Winter lodging finishes season up nearly 6 percent

The late Easter put a damper on mountain occupancy rates to end the winter, but overall lodging enjoyed a significant increase during the 2010/2011 season. SNEWS takes a closer look at the highlights.
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Final winter season tallies show destination mountain lodging business was up on most fronts based on the recent data released by the Mountain Travel Research Program (MTRiP).

Overall occupancy for the winter season (November 2010 to April 2011) finished up 5.7 percent compared to last season and average lodging rates were up 1.5 percent, closely following early projections and ending as expected. The season started with strong momentum but faded as the season progressed except for strong numbers in March at most destinations. Actual occupancy was up in five of the six months (all but April) while nightly rates were up four of the six months (all but February and April). Thanks in part to a late Easter, April was weaker than in the previous year with occupancy down 2.5 percent.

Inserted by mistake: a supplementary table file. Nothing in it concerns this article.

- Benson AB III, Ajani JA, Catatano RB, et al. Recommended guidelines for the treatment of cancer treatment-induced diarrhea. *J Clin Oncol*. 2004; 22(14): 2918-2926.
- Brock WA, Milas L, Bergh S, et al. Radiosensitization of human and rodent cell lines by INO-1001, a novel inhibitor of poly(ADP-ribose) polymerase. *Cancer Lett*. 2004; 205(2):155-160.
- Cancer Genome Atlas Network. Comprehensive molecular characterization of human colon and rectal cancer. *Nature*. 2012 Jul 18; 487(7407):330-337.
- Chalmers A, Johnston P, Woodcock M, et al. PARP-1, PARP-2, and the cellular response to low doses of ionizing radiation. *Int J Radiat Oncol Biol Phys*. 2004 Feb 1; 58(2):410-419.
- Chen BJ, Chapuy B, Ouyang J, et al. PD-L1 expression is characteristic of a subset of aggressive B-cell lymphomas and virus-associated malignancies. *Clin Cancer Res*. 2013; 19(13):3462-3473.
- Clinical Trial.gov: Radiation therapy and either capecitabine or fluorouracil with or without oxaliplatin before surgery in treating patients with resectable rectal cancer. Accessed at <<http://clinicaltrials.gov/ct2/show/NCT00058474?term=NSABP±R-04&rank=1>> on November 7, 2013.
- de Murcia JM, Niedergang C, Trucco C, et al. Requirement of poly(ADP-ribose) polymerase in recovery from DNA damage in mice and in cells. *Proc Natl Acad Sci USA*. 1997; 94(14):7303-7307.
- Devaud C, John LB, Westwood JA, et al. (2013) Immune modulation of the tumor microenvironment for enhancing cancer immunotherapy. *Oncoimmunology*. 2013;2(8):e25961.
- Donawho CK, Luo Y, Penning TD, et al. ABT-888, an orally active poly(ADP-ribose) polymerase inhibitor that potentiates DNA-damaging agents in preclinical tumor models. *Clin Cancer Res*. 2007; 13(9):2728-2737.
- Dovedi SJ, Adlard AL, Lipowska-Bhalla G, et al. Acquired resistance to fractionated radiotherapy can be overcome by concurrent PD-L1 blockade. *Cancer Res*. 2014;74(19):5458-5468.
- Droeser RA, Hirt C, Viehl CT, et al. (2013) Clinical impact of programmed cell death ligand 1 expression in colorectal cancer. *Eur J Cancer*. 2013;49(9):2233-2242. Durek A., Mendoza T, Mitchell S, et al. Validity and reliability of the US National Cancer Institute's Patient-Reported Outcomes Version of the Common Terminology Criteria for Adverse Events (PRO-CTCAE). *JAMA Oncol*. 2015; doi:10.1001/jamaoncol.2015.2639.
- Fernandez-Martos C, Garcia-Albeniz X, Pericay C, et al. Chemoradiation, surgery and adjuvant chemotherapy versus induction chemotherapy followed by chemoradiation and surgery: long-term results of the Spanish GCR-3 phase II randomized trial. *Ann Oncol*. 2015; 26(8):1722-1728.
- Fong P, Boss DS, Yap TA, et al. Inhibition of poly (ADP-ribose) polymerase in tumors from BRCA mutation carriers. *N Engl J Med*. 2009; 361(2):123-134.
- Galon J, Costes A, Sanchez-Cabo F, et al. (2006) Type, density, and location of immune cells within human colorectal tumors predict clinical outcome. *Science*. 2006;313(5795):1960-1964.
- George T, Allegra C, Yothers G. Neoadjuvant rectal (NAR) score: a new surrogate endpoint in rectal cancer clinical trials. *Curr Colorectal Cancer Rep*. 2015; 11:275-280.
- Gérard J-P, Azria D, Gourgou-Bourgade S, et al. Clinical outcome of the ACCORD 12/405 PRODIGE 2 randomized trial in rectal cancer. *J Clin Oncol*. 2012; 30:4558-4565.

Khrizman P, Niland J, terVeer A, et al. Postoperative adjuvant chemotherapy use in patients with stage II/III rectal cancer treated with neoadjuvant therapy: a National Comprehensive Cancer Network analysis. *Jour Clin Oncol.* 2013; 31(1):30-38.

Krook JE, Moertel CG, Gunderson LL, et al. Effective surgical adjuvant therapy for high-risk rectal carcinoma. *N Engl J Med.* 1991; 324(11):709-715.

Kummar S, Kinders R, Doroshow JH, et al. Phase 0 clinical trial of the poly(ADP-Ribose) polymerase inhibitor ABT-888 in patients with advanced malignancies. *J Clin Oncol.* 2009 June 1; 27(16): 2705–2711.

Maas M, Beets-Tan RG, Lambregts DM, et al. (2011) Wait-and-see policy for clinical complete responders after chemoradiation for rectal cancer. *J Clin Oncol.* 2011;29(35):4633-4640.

“These increases were supported by slow but steady improvements in the overall economy with an appreciative nod to Mother Nature who certainly did her part in most regions,” said Ralf Garrison, director of MTRiP. “MTRiP’s lodging results generally track destination guests but are consistent with the skier visit numbers released by the National Ski Area’s Association that recently reported 60.1 million skier/rider visits which were also up from last year and close behind the record of 60.5 million visits in 2007-08.”

The report also provided the most recent data on the upcoming summer season. The month of May is currently up 8.8 percent while on-the-books occupancy for the next six months (May to October) is up 6.6 percent with average nightly rate down 0.3 percent. 

The report pointed out that while summer occupancy is pacing ahead of last year, nightly rates remain flat at this point.

“We are pleased to report that nearly all the metrics are up and looking forward, things are going the right way,” said Garrison. “There remains uncertainty and inconsistency among some indicators and results vary significantly in some cases, but we continue to consider the cup more than half full.”

-- Peter Kray


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